I have been a piercer for seven years and there’s nothing I would rather do. I still love piercing, but I’ve been having a hard time at work for a while now. We have gotten busier and busier, which is great for tips, but I’m swamped doing piercings, dealing with customers, studio maintenance, jewelry inventory, and everything else I have to do. My boss is a decent guy but never gives me any props no matter how hard I bust my ass.
I’m sleeping like crap and am always tense and worn out. My stomach aches all the time. I feel irritated, distracted, and I’m constantly checking the clock to see how long until I can go home. I was always so into it, but now I’m just going through the motions, which is not like me at all. I really don’t know what to do. Please help me!
Thank you, O.
What you’re describing sounds distinctly like job burnout: a state of emotional, physical, and mental exhaustion caused by extreme and prolonged stress. It occurs when you feel overwhelmed, drained, and unable to meet the constant demands of your employment.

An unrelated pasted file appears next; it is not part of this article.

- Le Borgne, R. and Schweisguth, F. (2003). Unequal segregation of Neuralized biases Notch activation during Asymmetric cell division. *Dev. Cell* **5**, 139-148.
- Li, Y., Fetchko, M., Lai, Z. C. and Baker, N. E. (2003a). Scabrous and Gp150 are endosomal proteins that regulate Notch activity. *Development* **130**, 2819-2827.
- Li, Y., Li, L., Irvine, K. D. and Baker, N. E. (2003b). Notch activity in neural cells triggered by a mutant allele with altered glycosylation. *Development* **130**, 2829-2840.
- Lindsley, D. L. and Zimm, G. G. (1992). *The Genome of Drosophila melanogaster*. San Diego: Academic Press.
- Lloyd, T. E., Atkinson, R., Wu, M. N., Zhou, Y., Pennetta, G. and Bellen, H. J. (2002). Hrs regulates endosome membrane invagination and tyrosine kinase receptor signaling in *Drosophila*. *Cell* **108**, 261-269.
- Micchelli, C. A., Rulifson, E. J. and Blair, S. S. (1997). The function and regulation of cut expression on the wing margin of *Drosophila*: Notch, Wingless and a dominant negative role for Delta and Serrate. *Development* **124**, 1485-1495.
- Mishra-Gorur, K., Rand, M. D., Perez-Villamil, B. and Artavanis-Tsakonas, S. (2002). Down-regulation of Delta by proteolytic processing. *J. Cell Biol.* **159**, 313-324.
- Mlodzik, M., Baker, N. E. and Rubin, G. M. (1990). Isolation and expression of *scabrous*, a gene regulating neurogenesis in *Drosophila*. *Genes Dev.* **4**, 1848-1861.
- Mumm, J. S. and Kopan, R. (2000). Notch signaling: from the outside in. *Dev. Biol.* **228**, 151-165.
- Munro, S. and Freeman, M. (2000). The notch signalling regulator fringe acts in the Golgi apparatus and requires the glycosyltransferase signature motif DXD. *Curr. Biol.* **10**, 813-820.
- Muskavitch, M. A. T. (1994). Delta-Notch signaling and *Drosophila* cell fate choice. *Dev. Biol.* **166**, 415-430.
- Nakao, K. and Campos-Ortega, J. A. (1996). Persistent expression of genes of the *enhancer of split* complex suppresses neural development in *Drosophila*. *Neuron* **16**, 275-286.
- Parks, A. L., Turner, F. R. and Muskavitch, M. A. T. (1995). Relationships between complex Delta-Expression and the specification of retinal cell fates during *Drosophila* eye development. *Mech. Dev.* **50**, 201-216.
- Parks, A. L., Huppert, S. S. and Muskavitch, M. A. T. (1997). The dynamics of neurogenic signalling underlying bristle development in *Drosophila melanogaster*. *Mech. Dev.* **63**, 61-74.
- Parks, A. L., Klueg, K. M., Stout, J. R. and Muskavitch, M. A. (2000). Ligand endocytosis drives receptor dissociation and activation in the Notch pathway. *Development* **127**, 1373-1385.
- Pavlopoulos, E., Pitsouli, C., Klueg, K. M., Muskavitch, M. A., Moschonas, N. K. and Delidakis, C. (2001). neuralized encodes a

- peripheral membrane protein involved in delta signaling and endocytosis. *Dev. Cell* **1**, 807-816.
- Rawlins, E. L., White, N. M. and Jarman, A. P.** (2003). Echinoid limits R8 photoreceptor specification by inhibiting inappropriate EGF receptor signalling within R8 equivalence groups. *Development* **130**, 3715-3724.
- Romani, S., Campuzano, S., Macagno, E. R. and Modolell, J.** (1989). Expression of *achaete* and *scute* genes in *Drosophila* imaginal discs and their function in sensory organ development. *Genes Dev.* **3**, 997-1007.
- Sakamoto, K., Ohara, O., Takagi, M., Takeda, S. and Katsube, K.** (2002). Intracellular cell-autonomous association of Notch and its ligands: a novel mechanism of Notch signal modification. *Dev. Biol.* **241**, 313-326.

Burnout is more serious than routine stress and it is accompanied by a sense of disillusionment with your job.It primarily affects people who are profoundly identified with their work and passionate about their careers. As piercers, many of us derive our sense of identity and self-worth from our profession. I know I do. Piercing isn’t just what we do—it’s who we are.
Virtually every occupation has some aspects that are tedious or difficult. Piercers deal extremely closely with people all day. Our clients are frequently indecisive or anxious, which is particularly draining and can require tremendous patience and reassurance. Also, the repetitiveness of verbally conveying aftercare guidelines can tax the interest and motivation of even the most dedicated pro. Feeling like you can never catch up–no matter how much time or energy you put in—is demoralizing, nerve-wracking, and regularly leads to the types of unpleasant consequences you’re experiencing.
Fatigue, pain, frequent illness, and sleep disturbances are common physical indicators of burnout. Emotional symptoms often include lack of energy, feelings of emptiness or hopelessness, and impatience or frustration with clients or co-workers. Behavioral signs can consist of absenteeism, loss of focus, and increased alcohol consumption or substance abuse.